Wednesday, January 4, 2017

Extrinsic Evidence Triggers Duty to Defend under New York Law

Originally published by Kevin Merriman.

A recent decision from a New York appellate court reminds us that, under New York law, the duty to defend may be triggered not only by the allegations of a complaint, but also by extrinsic evidence, i.e., actual knowledge of facts outside the four corners of the complaint establishing a reasonable possibility of coverage.

The issue in City of New York v. Wausau Underwriters Insurance Company was whether the City, a putative additional insured under policies issued to its electrical contractor, was entitled to a defense in five underlying personal injury actions. Per the additional insured endorsements attached to the contractor’s policies, the City was an additional insured for “liability caused, in whole or in part, by the negligent acts or omissions of [the electrical contractor]….” The complaints in two of the actions did not mention the City’s contractor; thus, the court found that the duty to defend was not triggered by the facial allegations of the complaints. Notwithstanding, in both cases the insurer had been notified by the City’s law department of facts establishing a reasonable possibility that the injury arose from work performed by the contractor under contract with the City. Thus, in those actions, the court found the duty to defend was triggered by extrinsic evidence.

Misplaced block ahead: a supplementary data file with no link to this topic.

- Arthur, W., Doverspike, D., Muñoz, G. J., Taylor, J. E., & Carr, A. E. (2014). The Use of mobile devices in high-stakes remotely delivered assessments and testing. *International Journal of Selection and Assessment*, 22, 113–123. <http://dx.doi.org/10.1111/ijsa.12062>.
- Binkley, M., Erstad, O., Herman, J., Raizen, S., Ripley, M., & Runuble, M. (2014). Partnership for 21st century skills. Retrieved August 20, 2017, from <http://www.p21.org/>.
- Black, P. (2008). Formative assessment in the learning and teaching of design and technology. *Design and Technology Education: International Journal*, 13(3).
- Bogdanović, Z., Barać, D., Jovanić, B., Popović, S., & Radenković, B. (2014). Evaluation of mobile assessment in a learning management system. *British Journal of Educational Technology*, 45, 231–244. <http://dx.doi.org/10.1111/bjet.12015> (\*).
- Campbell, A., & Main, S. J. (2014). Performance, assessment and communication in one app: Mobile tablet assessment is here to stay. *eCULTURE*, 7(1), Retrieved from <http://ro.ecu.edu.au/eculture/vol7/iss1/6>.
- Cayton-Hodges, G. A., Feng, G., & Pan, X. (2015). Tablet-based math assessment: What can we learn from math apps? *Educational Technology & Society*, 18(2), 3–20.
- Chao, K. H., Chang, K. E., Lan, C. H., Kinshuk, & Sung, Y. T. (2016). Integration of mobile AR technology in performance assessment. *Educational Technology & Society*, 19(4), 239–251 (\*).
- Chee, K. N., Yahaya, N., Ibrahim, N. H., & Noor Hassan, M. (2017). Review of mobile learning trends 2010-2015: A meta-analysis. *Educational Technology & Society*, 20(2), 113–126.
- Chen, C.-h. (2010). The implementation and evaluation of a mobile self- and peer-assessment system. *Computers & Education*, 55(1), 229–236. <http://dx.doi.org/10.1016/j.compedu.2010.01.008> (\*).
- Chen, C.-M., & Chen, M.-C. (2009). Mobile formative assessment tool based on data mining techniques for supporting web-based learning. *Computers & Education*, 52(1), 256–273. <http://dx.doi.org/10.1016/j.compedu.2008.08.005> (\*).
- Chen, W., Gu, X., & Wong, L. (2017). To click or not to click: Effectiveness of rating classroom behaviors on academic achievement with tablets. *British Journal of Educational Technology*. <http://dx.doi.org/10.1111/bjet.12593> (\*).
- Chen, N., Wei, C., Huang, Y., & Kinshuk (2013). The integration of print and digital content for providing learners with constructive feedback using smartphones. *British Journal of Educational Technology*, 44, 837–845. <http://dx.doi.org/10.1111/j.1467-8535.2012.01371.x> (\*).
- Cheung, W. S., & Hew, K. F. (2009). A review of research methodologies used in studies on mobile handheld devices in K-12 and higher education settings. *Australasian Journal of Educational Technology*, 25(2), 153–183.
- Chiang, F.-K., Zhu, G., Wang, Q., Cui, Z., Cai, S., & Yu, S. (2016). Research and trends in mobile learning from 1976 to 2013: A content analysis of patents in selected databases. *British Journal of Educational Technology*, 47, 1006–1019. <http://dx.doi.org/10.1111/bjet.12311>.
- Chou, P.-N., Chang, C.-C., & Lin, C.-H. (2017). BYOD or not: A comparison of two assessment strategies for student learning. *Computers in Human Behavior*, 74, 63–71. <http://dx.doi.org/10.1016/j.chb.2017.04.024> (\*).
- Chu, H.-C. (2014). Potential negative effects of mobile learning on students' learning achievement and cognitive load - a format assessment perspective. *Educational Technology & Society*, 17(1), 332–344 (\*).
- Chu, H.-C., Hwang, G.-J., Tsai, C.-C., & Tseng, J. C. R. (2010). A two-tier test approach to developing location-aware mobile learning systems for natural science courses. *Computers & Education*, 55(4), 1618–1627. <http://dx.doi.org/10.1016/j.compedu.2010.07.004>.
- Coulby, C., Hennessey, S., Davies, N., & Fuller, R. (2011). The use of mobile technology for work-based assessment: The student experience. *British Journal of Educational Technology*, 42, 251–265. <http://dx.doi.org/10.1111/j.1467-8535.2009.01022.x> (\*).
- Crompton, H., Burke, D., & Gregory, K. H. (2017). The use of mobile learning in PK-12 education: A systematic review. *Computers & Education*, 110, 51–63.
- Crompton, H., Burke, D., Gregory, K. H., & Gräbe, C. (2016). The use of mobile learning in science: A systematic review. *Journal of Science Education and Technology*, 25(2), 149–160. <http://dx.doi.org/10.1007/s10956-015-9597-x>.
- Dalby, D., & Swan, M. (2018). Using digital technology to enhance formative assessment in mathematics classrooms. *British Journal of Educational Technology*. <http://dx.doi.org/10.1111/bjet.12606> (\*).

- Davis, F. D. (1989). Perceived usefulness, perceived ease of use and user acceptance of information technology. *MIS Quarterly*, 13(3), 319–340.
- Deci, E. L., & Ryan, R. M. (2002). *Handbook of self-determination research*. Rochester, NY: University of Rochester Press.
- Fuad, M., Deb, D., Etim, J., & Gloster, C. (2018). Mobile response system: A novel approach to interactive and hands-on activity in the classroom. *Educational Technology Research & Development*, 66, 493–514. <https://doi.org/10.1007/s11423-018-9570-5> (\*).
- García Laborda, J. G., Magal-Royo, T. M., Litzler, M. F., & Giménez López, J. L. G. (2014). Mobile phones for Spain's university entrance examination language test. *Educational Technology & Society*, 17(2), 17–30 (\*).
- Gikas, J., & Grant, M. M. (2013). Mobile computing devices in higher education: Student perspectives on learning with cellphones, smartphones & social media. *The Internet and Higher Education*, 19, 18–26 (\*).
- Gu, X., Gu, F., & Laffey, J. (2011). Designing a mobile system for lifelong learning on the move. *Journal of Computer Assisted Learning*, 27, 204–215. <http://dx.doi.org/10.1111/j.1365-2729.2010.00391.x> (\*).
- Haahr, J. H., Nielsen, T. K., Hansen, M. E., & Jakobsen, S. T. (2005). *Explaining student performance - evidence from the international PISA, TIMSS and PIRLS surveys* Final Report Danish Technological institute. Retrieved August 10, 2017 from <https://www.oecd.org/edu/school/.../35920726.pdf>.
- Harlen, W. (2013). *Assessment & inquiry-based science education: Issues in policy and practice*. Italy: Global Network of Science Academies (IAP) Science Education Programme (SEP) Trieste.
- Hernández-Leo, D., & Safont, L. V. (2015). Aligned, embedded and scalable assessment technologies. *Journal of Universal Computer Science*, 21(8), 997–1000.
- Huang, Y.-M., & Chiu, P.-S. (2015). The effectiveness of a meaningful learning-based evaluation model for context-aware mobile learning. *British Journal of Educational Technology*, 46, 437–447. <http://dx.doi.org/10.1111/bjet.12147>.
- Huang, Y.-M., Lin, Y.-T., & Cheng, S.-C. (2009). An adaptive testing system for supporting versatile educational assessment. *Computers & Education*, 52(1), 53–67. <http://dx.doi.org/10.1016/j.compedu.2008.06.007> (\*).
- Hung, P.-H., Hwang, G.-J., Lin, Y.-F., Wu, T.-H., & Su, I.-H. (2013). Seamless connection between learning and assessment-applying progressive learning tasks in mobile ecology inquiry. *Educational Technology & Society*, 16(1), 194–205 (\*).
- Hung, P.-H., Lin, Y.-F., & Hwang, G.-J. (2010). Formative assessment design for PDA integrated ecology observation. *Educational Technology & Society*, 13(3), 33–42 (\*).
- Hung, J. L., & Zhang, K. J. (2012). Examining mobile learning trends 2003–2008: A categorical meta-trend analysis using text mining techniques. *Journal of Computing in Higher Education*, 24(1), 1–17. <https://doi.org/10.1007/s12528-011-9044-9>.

The complaints in two other actions contained allegations against both the City and its contractor, and the City notified the insurers of facts establishing a reasonable possibility that the injury arose from work performed by the contractor were made known to the insurer. Thus, in both cases, the duty to defend was found to have been triggered both by the facial allegations of the complaints and by extrinsic evidence.

The court found that a fifth action did not trigger a duty to defend because, while there were allegations and extrinsic evidence that the injuries arose from work performed by the contactor, the accident occurred after the contractor’s work was completed, and therefore was excluded by the policy’s products-completed operation hazard exclusion.

Curated by Texas Bar Today. Follow us on Twitter @texasbartoday.

from Texas Bar Today
via Abogado Aly Website

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